AARP joins registration effort
- By Dan Caterinicchia, Dan Caterinicchia
- Mar 16, 2000
America Online, MCI WorldCom and the American Association of Retired Persons
on Thursday announced a new campaign to make it easier for Americans of
all ages to register to vote.
The three organizations unveiled BeAVoter.org on Capitol Hill, joined
by members of Congress and the Close Up Foundation, a national civic education
The new World Wide Web site enables voters to simply select their state
and then fill out an online registration form. Within 10 days a paper copy
arrives in the mail; that copy is then signed and mailed back to the voter's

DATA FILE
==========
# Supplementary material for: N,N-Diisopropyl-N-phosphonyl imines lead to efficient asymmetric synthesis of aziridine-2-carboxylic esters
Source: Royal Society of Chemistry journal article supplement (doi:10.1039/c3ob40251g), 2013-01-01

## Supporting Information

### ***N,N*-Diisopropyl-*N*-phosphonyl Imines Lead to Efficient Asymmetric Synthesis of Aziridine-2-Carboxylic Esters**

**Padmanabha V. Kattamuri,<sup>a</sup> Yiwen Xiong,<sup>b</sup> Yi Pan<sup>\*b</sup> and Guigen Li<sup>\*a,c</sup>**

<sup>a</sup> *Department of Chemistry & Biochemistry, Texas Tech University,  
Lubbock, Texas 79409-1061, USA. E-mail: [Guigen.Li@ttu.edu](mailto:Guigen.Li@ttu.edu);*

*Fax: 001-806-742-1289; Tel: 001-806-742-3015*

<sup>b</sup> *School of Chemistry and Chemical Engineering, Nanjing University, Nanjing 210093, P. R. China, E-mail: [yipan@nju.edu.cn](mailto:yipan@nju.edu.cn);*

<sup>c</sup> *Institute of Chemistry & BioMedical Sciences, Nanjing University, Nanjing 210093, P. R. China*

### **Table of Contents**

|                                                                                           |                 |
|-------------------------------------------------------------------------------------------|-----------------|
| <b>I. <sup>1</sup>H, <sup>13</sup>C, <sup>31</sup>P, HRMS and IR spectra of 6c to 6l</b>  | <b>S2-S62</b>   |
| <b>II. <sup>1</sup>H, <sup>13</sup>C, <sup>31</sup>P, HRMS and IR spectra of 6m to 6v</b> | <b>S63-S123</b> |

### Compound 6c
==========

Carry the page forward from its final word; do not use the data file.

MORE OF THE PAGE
state election office in a pre-addressed envelope provided by BeAVoter.org.
The non-partisan, non-profit site was established with the mission of
using the online medium to register as many new voters as possible, from
first-timers to people who have lived through numerous election cycles.
"With a growing number of older Americans going online, this is an excellent
way to make political participation easier than ever," AARP (www.aarp.org)
board member Rutherford Brice said in a release. "With today's issues affecting
younger voters for years to come, AARP wants to make sure younger Americans
have an equally strong voice in our democracy."
BeAVoter.org can be viewed in both English and Spanish and was designed
by Fairfax, Va.-based Capitol Advantage, a producer of political Internet
tools. The site follows the launch of a similar project from iVillage.com,
the online women's network, which recently teamed with the Internet election
company Election.com to enable people to register to vote online (see civic